Another neat spot is the Avalanche Creek picnic area where Avalanche Creek meets McDonald Creek just north of Lake McDonald. There are fire pits with grates so you can grill out a delicious dinner overlooking the creek and maybe even spot a bear or two like we did (from a safe distance of course! ;-)) 

Tip #6: Get Out and Hike

Glacier-National-park-tips-wildflowers
Make sure to get off the road and stretch your legs on one of the many trails in this vast park. One of our favorite hikes was the Lake Avalanche Trail. This trail begins at the end of the Trail of the Cedars Nature Trail which is itself is a majestic stroll through towering cedar trees of all sorts of interesting shapes (one even appearing to have a huge nose). As you approach the Avalanche Trail, you’re immediately greeted with the shooting rapids of Avalanche Creek. Careful hear as you’ll want to keep a close eye on your little ones if your near the banks. 

As you wind your way through the 2.25 mile trail you’ll pass through woods with numerous fallen trees (victims of the trail’s namesake) and various waterfalls as you parallel the rapids. Then, almost out of nowhere, the woods open up to an amazing site – Avalanche Lake. This is the end of the line. You will be in awe over the natural beauty of this crystal clear lake with it’s surrounding craggy mountains with dozens of waterfalls tumbling down the sides. 

This trail is 4.5  miles round trip so make sure you bring plenty of water and bear spray… 

Tip #7: Go on a Wildlife Hunt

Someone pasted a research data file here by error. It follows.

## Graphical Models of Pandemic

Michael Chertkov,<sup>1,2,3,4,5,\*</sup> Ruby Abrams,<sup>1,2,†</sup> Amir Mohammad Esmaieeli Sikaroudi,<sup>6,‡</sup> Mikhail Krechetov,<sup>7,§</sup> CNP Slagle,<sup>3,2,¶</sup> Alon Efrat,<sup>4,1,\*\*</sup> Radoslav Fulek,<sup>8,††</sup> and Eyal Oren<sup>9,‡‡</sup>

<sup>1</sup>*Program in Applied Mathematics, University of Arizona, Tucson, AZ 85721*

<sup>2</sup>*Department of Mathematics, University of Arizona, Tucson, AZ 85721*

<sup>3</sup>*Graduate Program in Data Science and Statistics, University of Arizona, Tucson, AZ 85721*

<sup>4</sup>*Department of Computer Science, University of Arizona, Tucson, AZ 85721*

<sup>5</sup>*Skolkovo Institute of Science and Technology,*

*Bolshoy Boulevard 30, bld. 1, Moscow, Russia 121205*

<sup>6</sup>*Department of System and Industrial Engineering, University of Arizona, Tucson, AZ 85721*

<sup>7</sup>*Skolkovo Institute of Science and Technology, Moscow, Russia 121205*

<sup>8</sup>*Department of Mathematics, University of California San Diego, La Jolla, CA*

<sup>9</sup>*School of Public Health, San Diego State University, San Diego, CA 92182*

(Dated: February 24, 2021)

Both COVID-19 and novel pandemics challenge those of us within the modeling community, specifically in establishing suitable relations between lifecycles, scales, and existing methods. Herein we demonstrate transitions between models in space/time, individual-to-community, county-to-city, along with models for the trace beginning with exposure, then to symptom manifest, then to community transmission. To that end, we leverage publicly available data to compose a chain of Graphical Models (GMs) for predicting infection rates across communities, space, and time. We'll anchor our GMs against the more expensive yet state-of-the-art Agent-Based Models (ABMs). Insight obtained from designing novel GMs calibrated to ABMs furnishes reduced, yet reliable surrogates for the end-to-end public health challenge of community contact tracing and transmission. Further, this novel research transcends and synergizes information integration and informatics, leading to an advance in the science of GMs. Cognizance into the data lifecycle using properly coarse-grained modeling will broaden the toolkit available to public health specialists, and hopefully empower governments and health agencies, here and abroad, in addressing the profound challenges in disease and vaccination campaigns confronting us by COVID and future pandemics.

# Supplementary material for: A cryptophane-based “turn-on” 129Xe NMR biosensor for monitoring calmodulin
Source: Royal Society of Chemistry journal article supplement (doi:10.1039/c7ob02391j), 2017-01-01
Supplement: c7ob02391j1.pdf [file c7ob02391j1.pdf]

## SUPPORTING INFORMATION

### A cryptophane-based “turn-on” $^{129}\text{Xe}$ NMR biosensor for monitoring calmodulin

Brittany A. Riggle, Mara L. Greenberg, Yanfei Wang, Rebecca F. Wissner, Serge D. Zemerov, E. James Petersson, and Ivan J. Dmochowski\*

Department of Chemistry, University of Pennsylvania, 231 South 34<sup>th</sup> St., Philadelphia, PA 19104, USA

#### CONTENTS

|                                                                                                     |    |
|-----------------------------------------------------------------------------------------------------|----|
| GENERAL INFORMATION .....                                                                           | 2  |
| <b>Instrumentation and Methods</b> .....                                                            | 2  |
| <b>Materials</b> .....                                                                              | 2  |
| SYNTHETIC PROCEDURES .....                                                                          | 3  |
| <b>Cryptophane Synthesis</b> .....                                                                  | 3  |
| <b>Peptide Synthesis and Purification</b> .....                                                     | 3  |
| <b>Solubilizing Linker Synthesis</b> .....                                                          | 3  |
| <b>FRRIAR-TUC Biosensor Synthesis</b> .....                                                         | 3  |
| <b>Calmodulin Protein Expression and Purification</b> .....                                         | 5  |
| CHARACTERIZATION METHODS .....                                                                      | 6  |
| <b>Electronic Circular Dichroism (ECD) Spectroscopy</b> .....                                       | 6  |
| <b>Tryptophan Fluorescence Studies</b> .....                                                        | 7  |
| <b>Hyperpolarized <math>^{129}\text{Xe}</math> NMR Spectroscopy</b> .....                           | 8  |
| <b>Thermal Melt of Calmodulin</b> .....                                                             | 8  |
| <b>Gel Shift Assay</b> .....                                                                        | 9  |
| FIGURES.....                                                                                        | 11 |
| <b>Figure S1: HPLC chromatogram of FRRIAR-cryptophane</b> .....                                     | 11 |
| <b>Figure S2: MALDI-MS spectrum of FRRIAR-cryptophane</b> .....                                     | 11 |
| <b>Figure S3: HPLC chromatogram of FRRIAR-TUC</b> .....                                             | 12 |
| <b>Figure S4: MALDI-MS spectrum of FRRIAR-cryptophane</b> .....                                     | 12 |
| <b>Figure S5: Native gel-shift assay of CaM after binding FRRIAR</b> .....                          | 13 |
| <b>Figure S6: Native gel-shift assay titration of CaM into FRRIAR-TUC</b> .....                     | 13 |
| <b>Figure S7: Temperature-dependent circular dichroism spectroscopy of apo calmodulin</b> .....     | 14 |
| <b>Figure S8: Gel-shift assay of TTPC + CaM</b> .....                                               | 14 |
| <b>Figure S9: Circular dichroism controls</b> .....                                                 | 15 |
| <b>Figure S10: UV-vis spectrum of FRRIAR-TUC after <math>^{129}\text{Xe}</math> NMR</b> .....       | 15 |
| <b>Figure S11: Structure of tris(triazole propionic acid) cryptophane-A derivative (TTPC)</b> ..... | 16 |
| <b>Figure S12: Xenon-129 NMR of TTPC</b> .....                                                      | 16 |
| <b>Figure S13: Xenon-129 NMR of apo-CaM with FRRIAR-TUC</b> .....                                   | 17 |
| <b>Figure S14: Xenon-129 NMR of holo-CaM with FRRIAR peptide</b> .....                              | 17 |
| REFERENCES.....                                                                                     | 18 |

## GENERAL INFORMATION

If you go to Glacier, you have to come home with at least one wildlife story. Luckily, there is no shortage of wild beasts in this untamed country but below are the areas where we had the best luck sighting animals.

Two Medicine 

We stopped here on our first day at the park and were delighted to find our first and only moose of the vacation. We took the Aster Falls Trail (2.8 miles round trip) where we spotted a moose leisurely drinking  in one of several ponds.

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Many Glacier Lodge, on the north side of the park

There are several families of mountain goats that have made their home at this beautiful lodge.

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We can’t blame them – the view over the Swiftcurrent Lake is spectacular.

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Additionally, the hillside behind the Swiftcurrent Lodge is known to be prime bear spotting area as they forage for wild berries.
You can also take a boat ride to Many Glacier or rent a kayak for a dreamy glide over this crystal clear glacial lake.

McDonald Creek

Speaking  of bears, as mentioned above, we had our bear encounter on the banks of the McDonald Creek  at the Avalanche Creek picnic area. It may have been the steaks we were grilling, but we saw two bears (a grizzly and a black bear) roaming the creek – luckily on the other side from us! We would highly advise making a trip here in the evening – the fishing here isn’t bad either… 

Glacier-National-Park-Tips-Bear